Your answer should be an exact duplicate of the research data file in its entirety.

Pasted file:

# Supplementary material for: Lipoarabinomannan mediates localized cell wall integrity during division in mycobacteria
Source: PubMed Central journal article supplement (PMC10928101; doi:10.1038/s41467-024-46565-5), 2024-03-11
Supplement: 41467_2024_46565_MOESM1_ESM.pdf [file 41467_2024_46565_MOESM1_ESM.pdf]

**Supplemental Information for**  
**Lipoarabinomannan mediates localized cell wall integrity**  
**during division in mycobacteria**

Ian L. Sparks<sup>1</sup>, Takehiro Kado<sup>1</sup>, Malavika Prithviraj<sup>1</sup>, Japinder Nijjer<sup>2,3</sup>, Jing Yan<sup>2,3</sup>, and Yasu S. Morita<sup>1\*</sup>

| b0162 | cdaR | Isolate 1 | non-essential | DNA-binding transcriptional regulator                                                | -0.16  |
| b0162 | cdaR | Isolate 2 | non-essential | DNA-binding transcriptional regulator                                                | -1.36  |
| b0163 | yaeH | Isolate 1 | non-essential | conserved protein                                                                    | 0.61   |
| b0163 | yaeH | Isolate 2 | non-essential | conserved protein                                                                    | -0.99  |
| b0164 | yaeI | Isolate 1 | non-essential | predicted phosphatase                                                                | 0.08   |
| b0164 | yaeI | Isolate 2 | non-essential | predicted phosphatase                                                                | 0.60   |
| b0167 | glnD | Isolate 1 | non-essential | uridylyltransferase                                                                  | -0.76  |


# Supplementary material for: Lipoarabinomannan mediates localized cell wall integrity during division in mycobacteria
Source: PubMed Central journal article supplement (PMC10928101; doi:10.1038/s41467-024-46565-5), 2024-03-11
Supplement: 41467_2024_46565_MOESM1_ESM.pdf [file 41467_2024_46565_MOESM1_ESM.pdf]

**Supplemental Information for**  
**Lipoarabinomannan mediates localized cell wall integrity**  
**during division in mycobacteria**

Ian L. Sparks<sup>1</sup>, Takehiro Kado<sup>1</sup>, Malavika Prithviraj<sup>1</sup>, Japinder Nijjer<sup>2,3</sup>, Jing Yan<sup>2,3</sup>, and Yasu S. Morita<sup>1\*</sup>

| b0162 | cdaR | Isolate 1 | non-essential | DNA-binding transcriptional regulator                                                | -0.16  |
| b0162 | cdaR | Isolate 2 | non-essential | DNA-binding transcriptional regulator                                                | -1.36  |
| b0163 | yaeH | Isolate 1 | non-essential | conserved protein                                                                    | 0.61   |
| b0163 | yaeH | Isolate 2 | non-essential | conserved protein                                                                    | -0.99  |
| b0164 | yaeI | Isolate 1 | non-essential | predicted phosphatase                                                                | 0.08   |
| b0164 | yaeI | Isolate 2 | non-essential | predicted phosphatase                                                                | 0.60   |
| b0167 | glnD | Isolate 1 | non-essential | uridylyltransferase                                                                  | -0.76  |